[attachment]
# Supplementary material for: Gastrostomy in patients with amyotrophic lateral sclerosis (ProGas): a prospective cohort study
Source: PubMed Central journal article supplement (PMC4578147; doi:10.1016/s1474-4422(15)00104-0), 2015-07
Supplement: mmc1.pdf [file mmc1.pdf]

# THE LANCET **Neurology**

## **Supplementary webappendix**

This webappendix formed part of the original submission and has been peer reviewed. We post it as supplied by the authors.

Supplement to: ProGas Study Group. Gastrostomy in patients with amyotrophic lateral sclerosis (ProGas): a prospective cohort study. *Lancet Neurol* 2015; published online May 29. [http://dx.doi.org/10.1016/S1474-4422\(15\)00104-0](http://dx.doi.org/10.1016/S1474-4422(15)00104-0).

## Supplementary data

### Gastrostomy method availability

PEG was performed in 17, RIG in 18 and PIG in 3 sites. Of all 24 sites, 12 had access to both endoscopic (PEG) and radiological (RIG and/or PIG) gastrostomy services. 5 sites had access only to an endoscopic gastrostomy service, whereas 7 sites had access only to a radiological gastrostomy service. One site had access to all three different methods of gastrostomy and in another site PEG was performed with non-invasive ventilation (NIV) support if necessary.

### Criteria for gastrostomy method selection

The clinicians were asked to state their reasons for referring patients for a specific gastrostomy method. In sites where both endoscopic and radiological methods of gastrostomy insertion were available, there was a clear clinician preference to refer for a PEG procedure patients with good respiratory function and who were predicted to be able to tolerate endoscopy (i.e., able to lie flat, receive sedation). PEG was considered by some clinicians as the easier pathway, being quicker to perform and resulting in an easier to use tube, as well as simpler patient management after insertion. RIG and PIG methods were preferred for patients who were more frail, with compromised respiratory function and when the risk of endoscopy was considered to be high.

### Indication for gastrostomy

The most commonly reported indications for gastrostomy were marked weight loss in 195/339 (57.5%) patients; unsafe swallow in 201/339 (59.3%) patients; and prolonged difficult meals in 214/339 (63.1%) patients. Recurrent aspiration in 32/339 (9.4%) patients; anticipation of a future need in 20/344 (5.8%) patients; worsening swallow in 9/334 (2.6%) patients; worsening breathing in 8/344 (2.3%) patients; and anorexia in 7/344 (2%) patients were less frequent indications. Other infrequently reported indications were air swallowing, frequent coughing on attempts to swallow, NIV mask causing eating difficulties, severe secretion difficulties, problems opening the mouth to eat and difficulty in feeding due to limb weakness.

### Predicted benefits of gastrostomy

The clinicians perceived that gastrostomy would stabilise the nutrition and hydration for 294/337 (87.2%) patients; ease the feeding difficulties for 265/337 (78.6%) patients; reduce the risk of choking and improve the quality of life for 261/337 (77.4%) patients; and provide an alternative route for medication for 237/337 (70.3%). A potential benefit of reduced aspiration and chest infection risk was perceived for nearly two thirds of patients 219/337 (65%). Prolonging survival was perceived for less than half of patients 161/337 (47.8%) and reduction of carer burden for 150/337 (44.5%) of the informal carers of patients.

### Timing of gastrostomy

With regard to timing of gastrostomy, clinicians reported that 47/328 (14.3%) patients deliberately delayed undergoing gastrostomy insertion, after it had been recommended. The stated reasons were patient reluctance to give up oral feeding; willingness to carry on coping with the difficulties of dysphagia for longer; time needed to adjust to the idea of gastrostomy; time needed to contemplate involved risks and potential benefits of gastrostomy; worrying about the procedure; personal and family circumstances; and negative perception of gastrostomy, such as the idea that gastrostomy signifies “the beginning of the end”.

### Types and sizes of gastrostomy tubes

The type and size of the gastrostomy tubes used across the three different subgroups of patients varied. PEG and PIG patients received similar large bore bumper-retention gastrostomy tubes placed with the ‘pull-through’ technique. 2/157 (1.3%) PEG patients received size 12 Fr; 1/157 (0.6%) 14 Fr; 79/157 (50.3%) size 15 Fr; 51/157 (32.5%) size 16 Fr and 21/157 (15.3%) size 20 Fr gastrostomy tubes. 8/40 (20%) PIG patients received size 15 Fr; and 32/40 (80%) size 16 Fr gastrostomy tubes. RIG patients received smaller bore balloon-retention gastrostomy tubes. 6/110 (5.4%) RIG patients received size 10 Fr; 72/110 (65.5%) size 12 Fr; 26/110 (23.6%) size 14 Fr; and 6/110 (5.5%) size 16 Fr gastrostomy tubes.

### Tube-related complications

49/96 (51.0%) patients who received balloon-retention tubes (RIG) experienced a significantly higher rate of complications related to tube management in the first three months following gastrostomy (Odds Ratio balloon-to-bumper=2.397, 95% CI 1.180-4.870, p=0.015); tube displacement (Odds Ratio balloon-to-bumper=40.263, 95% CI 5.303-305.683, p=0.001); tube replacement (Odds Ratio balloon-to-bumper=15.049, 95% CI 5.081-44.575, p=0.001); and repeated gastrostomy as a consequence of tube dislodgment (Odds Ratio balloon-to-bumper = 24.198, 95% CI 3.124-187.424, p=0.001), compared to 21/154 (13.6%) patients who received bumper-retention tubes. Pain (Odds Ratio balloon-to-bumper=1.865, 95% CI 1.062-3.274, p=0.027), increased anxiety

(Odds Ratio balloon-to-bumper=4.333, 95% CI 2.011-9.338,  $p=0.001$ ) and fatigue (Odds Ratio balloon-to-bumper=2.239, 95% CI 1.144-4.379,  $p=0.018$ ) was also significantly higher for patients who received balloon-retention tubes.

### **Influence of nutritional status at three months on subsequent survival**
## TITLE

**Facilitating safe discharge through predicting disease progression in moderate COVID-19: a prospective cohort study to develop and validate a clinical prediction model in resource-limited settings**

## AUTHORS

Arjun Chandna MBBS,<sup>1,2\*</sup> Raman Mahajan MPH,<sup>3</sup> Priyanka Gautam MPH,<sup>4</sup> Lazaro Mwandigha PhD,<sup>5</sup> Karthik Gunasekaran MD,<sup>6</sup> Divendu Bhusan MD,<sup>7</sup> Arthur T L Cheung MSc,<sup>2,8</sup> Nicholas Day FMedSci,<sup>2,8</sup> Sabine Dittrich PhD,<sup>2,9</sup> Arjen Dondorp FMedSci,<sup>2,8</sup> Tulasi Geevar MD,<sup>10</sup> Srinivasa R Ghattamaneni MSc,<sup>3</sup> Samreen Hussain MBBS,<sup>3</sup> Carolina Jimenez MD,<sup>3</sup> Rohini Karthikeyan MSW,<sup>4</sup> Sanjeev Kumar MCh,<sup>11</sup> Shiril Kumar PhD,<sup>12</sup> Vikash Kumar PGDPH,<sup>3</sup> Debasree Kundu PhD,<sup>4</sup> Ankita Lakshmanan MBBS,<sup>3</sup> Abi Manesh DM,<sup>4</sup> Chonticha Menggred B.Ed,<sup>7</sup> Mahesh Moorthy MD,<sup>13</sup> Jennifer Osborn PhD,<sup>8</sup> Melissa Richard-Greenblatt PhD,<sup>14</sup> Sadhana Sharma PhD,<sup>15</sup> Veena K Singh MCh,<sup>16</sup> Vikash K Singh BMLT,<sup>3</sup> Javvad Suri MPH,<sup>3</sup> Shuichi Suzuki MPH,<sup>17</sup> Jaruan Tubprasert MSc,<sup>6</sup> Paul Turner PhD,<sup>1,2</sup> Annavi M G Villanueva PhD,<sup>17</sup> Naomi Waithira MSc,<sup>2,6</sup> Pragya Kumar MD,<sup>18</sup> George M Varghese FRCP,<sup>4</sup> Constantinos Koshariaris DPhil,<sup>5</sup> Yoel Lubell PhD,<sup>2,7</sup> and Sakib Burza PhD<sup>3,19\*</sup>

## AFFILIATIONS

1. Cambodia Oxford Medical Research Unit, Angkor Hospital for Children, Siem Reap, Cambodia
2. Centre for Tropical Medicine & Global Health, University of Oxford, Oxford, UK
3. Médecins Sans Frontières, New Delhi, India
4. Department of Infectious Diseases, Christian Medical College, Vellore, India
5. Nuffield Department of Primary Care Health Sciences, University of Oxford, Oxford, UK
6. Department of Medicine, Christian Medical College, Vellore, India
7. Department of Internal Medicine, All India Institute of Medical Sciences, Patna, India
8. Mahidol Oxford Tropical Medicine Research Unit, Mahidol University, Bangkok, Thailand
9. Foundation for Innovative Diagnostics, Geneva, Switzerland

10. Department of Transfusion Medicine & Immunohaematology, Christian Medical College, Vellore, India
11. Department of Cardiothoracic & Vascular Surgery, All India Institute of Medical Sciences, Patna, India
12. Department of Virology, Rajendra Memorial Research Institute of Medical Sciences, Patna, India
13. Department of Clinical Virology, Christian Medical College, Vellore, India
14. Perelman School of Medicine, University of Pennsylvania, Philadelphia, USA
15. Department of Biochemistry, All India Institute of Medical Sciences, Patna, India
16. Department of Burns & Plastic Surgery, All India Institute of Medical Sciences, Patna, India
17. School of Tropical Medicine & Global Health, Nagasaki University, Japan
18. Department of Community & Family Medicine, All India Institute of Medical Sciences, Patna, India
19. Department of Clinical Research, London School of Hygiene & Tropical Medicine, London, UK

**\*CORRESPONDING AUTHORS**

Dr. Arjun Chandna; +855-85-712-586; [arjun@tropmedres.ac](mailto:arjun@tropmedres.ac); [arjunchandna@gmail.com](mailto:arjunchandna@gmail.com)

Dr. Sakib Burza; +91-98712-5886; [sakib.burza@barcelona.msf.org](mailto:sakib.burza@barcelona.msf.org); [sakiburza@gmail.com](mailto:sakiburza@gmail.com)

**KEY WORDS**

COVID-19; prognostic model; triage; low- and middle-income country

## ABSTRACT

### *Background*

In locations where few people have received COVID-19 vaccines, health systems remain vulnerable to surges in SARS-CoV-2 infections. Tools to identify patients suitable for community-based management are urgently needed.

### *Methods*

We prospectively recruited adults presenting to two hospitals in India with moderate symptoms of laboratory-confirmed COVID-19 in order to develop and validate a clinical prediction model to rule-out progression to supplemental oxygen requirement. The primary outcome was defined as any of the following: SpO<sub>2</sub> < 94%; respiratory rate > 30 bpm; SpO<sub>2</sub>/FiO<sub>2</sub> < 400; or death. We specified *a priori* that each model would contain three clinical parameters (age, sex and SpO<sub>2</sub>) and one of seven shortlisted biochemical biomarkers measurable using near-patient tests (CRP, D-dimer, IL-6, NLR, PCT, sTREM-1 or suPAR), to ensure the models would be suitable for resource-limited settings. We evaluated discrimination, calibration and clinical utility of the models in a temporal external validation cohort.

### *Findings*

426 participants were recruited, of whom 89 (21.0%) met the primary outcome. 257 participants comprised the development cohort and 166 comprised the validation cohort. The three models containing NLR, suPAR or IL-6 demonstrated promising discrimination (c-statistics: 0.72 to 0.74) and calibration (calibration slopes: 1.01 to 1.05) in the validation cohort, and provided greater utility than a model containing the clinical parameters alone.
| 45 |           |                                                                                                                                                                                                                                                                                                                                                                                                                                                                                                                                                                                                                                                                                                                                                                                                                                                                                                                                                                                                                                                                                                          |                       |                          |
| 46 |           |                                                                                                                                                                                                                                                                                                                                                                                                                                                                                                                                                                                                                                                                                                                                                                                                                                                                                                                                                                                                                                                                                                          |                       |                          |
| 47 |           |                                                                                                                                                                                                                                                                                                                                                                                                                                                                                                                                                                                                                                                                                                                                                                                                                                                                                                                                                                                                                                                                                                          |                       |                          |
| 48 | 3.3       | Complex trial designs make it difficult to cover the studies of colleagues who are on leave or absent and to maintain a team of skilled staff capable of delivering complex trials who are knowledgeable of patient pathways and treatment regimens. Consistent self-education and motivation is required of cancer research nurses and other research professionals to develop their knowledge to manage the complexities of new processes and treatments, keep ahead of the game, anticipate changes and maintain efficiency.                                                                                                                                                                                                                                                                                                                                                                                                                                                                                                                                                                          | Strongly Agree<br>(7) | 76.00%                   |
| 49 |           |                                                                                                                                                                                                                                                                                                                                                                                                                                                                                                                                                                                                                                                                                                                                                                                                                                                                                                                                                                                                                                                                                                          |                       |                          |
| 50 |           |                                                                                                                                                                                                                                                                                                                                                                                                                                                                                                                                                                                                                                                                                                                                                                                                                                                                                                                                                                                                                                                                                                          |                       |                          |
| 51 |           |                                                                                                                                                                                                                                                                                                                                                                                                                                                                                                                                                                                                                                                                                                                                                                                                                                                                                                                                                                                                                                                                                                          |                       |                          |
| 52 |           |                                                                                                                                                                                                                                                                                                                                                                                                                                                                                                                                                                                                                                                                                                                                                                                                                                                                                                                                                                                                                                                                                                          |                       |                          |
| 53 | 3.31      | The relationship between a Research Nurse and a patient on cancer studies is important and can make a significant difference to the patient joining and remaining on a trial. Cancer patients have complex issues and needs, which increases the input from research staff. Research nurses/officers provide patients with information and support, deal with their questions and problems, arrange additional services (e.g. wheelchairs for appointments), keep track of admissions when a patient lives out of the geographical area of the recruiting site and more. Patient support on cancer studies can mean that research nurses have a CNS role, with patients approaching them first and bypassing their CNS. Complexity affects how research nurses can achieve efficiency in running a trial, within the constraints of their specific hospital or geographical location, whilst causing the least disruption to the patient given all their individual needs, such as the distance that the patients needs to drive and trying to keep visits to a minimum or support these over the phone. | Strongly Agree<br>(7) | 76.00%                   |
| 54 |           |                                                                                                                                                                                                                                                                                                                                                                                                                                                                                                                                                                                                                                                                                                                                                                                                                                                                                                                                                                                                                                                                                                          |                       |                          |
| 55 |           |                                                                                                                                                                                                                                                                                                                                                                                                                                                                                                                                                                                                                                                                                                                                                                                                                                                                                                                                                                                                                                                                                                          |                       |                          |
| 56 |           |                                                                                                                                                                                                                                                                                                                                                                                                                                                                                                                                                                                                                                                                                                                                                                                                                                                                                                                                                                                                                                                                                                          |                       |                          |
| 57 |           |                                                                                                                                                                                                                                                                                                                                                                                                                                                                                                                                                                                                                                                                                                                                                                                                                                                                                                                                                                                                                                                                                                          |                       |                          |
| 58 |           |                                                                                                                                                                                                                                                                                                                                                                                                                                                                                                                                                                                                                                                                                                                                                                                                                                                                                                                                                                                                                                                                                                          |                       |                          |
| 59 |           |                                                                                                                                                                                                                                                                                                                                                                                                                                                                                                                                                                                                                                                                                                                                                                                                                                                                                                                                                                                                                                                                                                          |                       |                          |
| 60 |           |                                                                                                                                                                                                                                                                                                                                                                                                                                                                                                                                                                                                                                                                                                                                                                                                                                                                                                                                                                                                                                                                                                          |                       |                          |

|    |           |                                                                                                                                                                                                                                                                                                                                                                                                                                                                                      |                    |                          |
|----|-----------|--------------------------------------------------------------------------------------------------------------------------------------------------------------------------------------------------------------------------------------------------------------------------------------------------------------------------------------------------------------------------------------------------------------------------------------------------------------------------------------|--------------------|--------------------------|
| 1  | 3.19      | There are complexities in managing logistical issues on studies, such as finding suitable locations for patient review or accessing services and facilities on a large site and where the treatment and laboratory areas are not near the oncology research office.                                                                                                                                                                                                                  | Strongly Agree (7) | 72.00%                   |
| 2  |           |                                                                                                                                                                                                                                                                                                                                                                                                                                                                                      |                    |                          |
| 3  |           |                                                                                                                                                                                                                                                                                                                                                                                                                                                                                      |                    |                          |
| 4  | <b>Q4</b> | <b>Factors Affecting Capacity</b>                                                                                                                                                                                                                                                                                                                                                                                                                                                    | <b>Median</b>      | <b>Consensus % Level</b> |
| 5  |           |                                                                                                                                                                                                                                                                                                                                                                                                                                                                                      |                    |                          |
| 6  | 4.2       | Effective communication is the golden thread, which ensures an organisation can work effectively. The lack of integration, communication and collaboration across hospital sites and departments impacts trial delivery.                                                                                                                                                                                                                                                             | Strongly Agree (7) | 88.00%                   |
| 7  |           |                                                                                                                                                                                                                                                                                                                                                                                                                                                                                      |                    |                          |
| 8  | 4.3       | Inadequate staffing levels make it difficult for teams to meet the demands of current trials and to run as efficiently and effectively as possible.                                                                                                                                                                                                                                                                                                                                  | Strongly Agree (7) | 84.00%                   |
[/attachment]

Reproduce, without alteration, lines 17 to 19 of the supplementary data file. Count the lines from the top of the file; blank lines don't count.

### Timing of gastrostomy

With regard to timing of gastrostomy, clinicians reported that 47/328 (14.3%) patients deliberately delayed undergoing gastrostomy insertion, after it had been recommended. The stated reasons were patient reluctance to give up oral feeding; willingness to carry on coping with the difficulties of dysphagia for longer; time needed to adjust to the idea of gastrostomy; time needed to contemplate involved risks and potential benefits of gastrostomy; worrying about the procedure; personal and family circumstances; and negative perception of gastrostomy, such as the idea that gastrostomy signifies “the beginning of the end”.

### Types and sizes of gastrostomy tubes